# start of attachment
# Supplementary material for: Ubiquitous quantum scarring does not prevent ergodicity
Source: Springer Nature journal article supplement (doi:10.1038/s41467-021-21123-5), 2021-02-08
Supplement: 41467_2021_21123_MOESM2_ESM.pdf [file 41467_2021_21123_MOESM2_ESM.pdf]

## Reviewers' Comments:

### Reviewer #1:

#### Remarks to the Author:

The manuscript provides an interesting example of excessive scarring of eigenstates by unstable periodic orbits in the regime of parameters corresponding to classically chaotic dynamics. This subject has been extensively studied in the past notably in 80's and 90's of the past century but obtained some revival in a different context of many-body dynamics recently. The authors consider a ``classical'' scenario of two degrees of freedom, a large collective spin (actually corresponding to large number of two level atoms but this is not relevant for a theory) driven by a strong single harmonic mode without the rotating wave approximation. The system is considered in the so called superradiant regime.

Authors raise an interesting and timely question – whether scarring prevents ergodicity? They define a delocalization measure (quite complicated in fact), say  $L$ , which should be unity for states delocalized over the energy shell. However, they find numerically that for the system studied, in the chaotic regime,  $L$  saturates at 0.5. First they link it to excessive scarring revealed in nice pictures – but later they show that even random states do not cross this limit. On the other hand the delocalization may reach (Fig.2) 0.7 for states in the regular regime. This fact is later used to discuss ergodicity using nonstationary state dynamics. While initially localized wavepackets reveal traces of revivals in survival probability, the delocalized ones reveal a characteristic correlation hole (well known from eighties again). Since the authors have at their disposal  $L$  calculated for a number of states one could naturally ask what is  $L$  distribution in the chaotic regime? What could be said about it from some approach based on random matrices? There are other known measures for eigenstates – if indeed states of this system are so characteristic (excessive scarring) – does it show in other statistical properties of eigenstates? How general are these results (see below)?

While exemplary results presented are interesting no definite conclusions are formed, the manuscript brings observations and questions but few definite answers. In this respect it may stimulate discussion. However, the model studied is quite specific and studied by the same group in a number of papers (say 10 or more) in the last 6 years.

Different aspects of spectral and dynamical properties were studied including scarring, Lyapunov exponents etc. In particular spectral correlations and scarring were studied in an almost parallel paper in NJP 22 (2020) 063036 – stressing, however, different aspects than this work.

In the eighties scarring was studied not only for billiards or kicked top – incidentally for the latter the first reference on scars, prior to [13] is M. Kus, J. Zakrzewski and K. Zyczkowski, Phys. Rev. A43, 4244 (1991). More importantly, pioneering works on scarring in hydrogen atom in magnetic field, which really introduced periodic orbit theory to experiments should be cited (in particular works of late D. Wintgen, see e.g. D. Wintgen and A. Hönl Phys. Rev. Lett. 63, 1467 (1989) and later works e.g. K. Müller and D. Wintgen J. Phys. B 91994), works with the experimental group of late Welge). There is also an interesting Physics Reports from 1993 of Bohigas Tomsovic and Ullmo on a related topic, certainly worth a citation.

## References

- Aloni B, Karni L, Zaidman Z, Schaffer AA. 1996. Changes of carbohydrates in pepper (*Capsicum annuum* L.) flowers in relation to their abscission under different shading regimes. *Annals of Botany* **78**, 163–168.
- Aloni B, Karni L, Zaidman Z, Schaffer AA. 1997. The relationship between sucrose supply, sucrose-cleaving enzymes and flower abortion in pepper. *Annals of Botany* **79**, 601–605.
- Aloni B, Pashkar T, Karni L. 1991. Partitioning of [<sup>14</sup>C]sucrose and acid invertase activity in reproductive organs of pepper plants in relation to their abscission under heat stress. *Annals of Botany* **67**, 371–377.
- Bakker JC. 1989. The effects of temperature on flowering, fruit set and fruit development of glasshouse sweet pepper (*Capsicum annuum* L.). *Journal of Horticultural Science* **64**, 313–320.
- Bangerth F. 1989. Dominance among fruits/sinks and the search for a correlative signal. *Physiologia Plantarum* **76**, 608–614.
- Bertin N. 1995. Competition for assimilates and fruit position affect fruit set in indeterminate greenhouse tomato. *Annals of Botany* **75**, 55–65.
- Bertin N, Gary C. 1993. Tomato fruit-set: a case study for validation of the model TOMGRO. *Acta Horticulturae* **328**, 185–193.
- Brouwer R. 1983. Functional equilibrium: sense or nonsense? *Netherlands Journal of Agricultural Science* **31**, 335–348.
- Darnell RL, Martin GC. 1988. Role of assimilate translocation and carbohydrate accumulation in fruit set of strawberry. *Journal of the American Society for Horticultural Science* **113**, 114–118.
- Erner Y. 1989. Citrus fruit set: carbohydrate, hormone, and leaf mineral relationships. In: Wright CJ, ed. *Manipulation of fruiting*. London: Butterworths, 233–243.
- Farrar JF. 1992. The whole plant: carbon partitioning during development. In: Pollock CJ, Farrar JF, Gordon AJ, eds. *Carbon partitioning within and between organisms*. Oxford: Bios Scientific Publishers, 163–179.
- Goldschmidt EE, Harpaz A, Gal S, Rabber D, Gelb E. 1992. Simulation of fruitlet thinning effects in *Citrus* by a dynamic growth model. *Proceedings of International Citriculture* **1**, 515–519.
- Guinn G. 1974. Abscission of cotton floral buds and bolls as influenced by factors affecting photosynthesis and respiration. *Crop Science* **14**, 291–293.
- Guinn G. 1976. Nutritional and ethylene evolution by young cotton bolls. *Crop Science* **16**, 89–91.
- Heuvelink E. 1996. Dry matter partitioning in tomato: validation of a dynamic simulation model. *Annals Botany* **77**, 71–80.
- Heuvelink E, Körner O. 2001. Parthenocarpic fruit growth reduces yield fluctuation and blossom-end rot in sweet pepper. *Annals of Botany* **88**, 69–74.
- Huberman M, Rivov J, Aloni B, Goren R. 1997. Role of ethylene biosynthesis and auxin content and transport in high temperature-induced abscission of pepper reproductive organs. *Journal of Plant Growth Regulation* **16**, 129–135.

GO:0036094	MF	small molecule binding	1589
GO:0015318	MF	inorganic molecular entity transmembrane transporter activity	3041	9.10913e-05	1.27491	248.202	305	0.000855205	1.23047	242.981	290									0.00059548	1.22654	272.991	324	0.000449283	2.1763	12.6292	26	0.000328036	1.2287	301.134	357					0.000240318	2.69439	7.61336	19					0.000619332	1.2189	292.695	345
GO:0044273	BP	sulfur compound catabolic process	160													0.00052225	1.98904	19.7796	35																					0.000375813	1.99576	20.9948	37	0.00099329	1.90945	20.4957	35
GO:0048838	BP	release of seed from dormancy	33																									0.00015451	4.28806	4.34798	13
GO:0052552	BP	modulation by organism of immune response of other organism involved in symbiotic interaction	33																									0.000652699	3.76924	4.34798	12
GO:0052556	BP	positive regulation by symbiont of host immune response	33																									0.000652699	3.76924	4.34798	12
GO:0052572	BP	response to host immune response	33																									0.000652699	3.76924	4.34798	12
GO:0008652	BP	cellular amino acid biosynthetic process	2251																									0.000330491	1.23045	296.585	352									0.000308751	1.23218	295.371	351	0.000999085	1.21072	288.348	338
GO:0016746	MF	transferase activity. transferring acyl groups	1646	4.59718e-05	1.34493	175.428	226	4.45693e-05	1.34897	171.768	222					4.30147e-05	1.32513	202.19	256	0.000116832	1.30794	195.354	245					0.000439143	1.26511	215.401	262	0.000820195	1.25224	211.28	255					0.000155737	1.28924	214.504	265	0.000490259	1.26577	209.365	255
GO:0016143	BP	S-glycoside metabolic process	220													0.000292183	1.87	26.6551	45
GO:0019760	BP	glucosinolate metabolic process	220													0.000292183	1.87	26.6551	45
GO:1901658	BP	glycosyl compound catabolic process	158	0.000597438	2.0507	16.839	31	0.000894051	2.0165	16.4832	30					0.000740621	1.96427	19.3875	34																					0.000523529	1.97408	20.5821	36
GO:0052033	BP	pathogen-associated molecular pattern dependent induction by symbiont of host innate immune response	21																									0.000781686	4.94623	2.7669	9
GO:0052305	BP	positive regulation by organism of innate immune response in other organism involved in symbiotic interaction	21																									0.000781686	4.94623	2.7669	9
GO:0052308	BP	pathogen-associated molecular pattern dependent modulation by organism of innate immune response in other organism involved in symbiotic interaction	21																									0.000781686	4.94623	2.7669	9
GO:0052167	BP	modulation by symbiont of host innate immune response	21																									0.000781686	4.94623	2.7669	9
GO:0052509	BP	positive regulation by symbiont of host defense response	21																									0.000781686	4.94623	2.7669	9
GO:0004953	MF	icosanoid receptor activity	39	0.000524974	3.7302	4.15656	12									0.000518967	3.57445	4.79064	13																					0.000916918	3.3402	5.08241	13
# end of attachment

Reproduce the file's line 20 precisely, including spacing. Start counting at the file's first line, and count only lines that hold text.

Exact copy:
- Brouwer R. 1983. Functional equilibrium: sense or nonsense? *Netherlands Journal of Agricultural Science* **31**, 335–348.